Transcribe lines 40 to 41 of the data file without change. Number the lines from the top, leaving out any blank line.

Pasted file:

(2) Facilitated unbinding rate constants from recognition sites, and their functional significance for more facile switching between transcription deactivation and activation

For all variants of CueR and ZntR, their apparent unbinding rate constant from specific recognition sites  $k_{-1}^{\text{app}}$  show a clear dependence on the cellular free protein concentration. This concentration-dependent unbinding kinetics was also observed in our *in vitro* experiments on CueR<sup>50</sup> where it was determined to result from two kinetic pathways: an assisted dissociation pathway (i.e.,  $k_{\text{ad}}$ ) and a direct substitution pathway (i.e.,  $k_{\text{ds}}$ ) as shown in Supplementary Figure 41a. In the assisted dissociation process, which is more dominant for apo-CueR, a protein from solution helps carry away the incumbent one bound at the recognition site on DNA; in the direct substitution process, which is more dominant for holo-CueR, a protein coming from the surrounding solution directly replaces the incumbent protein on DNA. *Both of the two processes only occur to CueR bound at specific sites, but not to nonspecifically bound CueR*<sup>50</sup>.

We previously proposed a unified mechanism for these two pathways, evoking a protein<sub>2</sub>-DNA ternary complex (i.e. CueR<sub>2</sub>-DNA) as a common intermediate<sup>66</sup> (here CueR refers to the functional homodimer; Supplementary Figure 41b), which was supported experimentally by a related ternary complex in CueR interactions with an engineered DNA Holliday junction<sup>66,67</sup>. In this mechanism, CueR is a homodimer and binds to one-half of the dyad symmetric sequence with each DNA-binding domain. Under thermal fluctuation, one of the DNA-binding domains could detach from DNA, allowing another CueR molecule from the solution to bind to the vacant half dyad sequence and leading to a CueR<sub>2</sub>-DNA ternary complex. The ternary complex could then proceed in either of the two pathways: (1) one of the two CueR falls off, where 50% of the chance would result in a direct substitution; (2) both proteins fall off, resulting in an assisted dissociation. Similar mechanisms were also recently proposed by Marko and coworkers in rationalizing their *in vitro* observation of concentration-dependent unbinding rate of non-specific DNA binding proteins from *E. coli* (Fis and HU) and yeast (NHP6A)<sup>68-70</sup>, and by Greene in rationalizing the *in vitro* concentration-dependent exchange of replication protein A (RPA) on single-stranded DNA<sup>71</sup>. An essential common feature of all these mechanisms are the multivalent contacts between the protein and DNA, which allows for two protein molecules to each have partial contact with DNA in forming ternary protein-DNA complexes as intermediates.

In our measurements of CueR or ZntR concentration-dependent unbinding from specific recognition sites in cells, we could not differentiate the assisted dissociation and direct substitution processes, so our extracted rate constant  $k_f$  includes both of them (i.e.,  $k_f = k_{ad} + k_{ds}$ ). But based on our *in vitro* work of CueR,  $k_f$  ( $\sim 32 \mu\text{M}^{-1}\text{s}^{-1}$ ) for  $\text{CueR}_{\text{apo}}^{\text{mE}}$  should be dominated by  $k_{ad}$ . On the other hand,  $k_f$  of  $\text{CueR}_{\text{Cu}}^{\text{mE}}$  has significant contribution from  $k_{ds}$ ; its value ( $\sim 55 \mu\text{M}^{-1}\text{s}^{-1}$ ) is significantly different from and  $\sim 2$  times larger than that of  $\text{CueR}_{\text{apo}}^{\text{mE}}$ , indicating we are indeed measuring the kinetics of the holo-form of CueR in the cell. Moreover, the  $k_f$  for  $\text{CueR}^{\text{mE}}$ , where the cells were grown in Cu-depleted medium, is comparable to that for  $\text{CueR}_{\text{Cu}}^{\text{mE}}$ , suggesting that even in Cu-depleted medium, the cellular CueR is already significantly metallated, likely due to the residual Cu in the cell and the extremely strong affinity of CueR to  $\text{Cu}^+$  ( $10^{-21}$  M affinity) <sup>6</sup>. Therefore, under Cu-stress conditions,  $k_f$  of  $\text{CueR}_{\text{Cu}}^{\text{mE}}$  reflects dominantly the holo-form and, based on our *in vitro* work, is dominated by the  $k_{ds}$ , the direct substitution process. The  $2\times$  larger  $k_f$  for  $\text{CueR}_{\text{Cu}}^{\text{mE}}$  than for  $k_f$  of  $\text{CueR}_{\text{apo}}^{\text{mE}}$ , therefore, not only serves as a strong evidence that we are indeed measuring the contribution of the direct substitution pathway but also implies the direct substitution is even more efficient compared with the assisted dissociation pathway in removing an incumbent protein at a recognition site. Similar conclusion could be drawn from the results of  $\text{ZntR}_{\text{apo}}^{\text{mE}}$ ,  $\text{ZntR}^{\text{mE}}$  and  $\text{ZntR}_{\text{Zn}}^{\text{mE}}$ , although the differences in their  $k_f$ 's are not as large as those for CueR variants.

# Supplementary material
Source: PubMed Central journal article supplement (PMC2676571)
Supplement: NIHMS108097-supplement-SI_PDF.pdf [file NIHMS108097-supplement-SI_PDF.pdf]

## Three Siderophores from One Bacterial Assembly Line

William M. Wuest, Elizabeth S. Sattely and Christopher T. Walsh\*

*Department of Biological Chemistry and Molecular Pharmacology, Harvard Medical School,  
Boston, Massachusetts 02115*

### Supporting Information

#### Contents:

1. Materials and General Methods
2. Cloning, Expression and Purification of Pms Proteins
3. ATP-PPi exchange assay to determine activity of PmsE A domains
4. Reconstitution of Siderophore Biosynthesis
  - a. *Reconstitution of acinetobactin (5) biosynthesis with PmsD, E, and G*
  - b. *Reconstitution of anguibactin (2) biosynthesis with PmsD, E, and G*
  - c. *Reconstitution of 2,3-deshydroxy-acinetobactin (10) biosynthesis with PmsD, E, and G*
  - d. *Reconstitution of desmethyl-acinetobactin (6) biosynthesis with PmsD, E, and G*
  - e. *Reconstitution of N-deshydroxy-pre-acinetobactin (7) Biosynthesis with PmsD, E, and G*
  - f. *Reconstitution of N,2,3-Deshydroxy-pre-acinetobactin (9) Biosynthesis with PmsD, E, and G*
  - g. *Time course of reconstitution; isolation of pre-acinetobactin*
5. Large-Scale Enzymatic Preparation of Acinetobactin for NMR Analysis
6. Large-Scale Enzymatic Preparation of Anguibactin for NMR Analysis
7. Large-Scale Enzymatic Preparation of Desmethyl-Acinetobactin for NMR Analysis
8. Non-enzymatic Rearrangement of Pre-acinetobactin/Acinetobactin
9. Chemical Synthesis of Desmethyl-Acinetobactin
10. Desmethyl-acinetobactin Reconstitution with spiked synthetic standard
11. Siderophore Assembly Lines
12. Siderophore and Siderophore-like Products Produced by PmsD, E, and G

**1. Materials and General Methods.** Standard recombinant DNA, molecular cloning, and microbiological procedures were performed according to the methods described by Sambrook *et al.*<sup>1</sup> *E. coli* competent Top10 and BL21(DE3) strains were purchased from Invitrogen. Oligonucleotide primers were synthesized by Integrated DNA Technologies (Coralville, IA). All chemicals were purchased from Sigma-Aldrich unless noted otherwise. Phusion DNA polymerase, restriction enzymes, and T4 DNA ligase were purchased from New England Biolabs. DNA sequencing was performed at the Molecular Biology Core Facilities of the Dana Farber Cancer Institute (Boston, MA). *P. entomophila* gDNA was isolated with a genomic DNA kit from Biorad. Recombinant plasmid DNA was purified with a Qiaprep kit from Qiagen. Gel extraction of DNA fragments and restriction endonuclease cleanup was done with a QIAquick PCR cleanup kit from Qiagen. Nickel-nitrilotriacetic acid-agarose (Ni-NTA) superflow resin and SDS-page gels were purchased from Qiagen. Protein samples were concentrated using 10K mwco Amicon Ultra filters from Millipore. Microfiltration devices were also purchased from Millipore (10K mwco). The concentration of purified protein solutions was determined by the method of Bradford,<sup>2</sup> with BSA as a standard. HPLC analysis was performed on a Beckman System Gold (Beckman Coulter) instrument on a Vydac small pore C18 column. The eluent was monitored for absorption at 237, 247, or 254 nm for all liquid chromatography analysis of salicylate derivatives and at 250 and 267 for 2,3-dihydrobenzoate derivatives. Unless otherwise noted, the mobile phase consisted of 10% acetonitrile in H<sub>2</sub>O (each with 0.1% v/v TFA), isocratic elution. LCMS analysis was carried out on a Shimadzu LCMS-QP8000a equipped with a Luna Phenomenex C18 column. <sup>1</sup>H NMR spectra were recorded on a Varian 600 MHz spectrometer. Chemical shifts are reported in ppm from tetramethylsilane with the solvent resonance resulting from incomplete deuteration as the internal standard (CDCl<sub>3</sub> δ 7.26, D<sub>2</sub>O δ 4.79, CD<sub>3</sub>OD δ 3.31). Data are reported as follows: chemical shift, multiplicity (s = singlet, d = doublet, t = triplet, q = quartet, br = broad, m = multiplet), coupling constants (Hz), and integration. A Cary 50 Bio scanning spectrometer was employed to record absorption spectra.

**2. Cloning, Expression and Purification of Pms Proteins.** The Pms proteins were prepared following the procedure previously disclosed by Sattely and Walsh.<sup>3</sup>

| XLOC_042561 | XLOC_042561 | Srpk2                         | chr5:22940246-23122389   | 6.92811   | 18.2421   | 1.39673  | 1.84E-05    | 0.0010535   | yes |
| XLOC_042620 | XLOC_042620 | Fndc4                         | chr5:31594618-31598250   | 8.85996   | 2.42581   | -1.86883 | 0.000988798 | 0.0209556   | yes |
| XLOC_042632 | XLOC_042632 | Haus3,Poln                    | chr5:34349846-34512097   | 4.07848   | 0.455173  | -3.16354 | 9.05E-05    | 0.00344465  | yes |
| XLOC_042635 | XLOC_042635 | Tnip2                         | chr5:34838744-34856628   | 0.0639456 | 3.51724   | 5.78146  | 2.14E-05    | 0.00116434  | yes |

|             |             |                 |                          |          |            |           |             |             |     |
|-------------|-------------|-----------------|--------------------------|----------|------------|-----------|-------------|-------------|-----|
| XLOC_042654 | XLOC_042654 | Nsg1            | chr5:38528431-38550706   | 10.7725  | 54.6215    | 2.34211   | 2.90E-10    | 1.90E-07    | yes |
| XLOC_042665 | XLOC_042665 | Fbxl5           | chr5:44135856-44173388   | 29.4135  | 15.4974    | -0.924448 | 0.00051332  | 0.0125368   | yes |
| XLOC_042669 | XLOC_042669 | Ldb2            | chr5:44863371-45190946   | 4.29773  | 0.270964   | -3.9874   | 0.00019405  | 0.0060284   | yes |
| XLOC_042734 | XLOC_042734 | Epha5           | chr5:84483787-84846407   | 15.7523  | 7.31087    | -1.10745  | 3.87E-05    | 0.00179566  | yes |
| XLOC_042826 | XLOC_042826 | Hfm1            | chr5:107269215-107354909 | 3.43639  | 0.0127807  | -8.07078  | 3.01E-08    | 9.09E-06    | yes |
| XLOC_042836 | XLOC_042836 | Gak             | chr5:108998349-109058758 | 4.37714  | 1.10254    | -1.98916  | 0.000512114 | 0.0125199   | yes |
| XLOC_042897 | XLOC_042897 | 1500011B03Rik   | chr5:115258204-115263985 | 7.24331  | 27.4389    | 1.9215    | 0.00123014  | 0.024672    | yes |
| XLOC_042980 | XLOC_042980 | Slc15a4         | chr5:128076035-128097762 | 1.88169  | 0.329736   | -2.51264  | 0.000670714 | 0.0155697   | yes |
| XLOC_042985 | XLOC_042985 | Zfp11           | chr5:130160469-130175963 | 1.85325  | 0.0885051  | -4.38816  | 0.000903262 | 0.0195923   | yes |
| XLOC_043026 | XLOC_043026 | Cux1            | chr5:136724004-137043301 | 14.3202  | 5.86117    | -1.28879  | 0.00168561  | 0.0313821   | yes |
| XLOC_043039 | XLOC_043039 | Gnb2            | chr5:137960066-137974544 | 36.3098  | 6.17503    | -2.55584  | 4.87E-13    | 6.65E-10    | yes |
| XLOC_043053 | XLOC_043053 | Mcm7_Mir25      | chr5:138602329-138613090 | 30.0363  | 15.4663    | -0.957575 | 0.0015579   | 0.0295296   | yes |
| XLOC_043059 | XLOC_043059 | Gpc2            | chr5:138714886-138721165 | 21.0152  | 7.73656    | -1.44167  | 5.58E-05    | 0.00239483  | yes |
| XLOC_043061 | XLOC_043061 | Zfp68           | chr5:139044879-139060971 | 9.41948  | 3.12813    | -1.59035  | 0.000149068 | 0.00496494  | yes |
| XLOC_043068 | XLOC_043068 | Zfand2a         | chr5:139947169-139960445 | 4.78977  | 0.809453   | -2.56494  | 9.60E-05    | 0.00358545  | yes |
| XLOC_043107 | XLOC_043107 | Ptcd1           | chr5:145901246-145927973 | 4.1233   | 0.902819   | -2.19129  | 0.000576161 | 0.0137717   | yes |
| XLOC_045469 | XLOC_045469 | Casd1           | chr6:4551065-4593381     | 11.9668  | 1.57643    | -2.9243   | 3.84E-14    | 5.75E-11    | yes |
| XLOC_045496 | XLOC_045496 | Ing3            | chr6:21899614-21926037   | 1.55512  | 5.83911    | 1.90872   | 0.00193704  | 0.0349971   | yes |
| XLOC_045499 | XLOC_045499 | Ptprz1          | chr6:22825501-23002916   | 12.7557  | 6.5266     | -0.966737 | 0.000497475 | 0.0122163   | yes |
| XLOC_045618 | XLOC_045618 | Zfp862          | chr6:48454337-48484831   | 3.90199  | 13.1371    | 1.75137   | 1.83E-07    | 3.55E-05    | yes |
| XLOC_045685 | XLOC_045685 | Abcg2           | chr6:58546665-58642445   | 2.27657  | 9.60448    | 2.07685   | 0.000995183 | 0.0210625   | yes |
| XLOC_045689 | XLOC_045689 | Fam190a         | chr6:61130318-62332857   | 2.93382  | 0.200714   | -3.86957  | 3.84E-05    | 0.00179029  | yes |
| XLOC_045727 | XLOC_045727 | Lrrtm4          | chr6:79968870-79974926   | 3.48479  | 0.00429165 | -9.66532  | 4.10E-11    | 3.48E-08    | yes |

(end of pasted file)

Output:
|-------------|-------------|-----------------|--------------------------|----------|------------|-----------|-------------|-------------|-----|
| XLOC_042654 | XLOC_042654 | Nsg1            | chr5:38528431-38550706   | 10.7725  | 54.6215    | 2.34211   | 2.90E-10    | 1.90E-07    | yes |